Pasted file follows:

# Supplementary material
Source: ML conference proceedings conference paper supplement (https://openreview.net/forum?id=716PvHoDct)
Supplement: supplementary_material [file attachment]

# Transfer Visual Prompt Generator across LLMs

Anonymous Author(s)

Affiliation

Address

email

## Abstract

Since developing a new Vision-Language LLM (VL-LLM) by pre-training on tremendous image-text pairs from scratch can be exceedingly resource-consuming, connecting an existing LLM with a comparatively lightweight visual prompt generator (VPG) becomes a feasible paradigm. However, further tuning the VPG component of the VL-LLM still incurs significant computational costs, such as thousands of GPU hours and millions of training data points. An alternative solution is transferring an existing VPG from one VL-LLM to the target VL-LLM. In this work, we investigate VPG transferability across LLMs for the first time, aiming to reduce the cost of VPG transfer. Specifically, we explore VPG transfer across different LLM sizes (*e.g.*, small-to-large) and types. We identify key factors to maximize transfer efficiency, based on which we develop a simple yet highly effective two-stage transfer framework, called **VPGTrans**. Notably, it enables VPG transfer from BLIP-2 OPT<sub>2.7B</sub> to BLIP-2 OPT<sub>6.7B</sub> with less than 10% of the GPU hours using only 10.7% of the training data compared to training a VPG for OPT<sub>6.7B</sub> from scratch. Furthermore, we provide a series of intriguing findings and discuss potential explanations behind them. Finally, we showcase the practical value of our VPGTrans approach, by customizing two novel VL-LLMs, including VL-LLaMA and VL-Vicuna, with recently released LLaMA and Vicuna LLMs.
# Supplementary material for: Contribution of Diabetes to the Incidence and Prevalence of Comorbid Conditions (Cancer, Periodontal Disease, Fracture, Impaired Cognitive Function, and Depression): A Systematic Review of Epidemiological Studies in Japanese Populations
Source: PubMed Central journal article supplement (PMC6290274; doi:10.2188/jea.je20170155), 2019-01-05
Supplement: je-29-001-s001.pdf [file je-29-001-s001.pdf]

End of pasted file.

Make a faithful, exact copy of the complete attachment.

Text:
# Supplementary material
Source: ML conference proceedings conference paper supplement (https://openreview.net/forum?id=716PvHoDct)
Supplement: supplementary_material [file attachment]

# Transfer Visual Prompt Generator across LLMs

Anonymous Author(s)

Affiliation

Address

email

## Abstract

Since developing a new Vision-Language LLM (VL-LLM) by pre-training on tremendous image-text pairs from scratch can be exceedingly resource-consuming, connecting an existing LLM with a comparatively lightweight visual prompt generator (VPG) becomes a feasible paradigm. However, further tuning the VPG component of the VL-LLM still incurs significant computational costs, such as thousands of GPU hours and millions of training data points. An alternative solution is transferring an existing VPG from one VL-LLM to the target VL-LLM. In this work, we investigate VPG transferability across LLMs for the first time, aiming to reduce the cost of VPG transfer. Specifically, we explore VPG transfer across different LLM sizes (*e.g.*, small-to-large) and types. We identify key factors to maximize transfer efficiency, based on which we develop a simple yet highly effective two-stage transfer framework, called **VPGTrans**. Notably, it enables VPG transfer from BLIP-2 OPT<sub>2.7B</sub> to BLIP-2 OPT<sub>6.7B</sub> with less than 10% of the GPU hours using only 10.7% of the training data compared to training a VPG for OPT<sub>6.7B</sub> from scratch. Furthermore, we provide a series of intriguing findings and discuss potential explanations behind them. Finally, we showcase the practical value of our VPGTrans approach, by customizing two novel VL-LLMs, including VL-LLaMA and VL-Vicuna, with recently released LLaMA and Vicuna LLMs.
# Supplementary material for: Contribution of Diabetes to the Incidence and Prevalence of Comorbid Conditions (Cancer, Periodontal Disease, Fracture, Impaired Cognitive Function, and Depression): A Systematic Review of Epidemiological Studies in Japanese Populations
Source: PubMed Central journal article supplement (PMC6290274; doi:10.2188/jea.je20170155), 2019-01-05
Supplement: je-29-001-s001.pdf [file je-29-001-s001.pdf]